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Terror expert Loretta Napoleoni offers her take on the Charlie Hebdo shootings

January 9, 2015

Wednesday’s horrifying attack on the Parisian offices of the satirical magazine Charlie Hebdo appears to have been conducted with the sang-froid and calculation that distinguishes mafia organizations. We are now light years away from the failed attacks of do-it -yourself terrorists in the early 2000s, or of the Taliban’s army of beggars, light years even from the suicide bombing of the Atocha train station in Madrid. It is possible that the high professionalism of contemporary jihadists will allow them not only to survive their heinous actions, but to repeat them. As the financial model of Islamic terrorism, realized to a new extreme in the rise of the Islamic State, the first terror organization to become an armed state, has mutated, so too have the tactics of terrorist attacks in the West. In fact, the two phenomena go hand in hand.

In ISIS, we now face a new system of terror that has perfected some tactics of the past – for example, the compartmentalization so beloved by the Red Brigades and ETA – as well as developed new ones, including so-called ‘mini-attacks’ – armed surgical interventions, such as this week’s in Paris, often steeped in symbolism, and often filmed by passersby and disseminated across traditional and social media. This is a direct link connecting last year’s assault in Ottawa, the recent hostage attacks in Australia, those in France last December, and this morning’s tragic shooting in Paris.

Modern Islamic terrorism has transformed social media into a powerful weapon that allows users to magnify the media impact of armed actions, a development that derives from an analysis of September 11, the first attack filmed and distributed in real time through the media. That action, of course, was a spectacular one from all points of view, claiming more victims than any of the others; but today it would be impossible to reproduce it for several reasons, chief among them the sheer number of militants involved, which would alert anti-terrorism forces. Today’s jihadist terrorists aim to prevent infiltration by the police, which has always been the winning strategy of the state. All the armed organizations of the past, including al Qaeda, have been weakened and even defeated through police infiltration and the testimony of arrested militants. This explains why al Baghdadi, the new Caliph and undisputed leader of the Islamic State, has incited his followers throughout the world to conduct mini-attacks implemented by mini-cells of just one or two people. The recent shooting in Paris was apparently orchestrated by just three militants.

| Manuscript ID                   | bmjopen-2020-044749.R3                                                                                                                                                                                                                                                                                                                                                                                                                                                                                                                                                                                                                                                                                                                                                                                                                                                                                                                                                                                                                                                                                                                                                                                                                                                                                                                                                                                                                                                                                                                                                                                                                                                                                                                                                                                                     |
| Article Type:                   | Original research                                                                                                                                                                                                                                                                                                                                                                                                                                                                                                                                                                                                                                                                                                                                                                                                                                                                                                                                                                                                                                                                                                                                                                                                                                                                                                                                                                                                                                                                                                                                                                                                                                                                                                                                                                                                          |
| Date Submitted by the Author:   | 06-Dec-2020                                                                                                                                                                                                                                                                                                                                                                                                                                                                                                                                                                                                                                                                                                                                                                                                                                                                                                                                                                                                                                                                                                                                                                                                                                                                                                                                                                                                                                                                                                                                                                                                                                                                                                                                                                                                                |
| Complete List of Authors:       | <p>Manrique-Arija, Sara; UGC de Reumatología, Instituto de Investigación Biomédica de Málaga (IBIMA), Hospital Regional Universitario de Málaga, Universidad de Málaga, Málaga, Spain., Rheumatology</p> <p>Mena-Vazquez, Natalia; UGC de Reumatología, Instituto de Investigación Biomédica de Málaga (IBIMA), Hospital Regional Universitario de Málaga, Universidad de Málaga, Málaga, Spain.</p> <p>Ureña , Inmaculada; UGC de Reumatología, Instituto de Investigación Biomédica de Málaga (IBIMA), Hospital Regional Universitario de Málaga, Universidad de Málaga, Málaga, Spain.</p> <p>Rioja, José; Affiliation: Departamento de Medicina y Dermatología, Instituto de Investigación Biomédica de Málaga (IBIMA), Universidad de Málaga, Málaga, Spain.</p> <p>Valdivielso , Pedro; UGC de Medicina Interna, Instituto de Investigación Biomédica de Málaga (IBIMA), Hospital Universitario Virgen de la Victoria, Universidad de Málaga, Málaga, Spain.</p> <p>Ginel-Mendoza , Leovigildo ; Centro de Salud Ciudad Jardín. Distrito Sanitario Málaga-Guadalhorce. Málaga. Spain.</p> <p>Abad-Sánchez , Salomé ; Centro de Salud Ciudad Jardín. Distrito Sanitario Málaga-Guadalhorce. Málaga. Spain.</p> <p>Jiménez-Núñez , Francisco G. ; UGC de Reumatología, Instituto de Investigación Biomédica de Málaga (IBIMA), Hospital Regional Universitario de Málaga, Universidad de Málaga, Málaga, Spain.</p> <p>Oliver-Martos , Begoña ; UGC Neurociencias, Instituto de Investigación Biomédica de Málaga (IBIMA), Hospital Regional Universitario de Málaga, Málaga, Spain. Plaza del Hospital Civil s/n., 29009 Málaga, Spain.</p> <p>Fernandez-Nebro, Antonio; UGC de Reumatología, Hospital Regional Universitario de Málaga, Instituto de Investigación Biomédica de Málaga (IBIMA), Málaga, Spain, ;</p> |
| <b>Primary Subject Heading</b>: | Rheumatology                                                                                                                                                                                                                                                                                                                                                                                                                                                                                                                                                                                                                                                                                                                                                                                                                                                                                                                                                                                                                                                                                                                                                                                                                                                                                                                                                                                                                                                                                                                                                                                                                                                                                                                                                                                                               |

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The changes taking place in the system of Islamic terrorism are the result of deep reflection on the mistakes and successes of the past. So far, it is easy to understand the process. It is more difficult to comprehend how some of these mini-cells that are operating in the West have acquired the expertise necessary to conduct mini-attacks of such great media impact. In the past, similar results were achieved through shorter or longer periods of training, such as during the anti-Soviet jihad in Afghanistan. And in fact it was the veterans of these wars who, after returning home, went on to fuel most terrorist activity. Today, however, this is no longer so, a fact counter-terrorism experts should realize as soon as possible. Continuing to fear the return of veterans from the war in Syria or Iraq is the wrong strategy. Future European jihadists are already among us.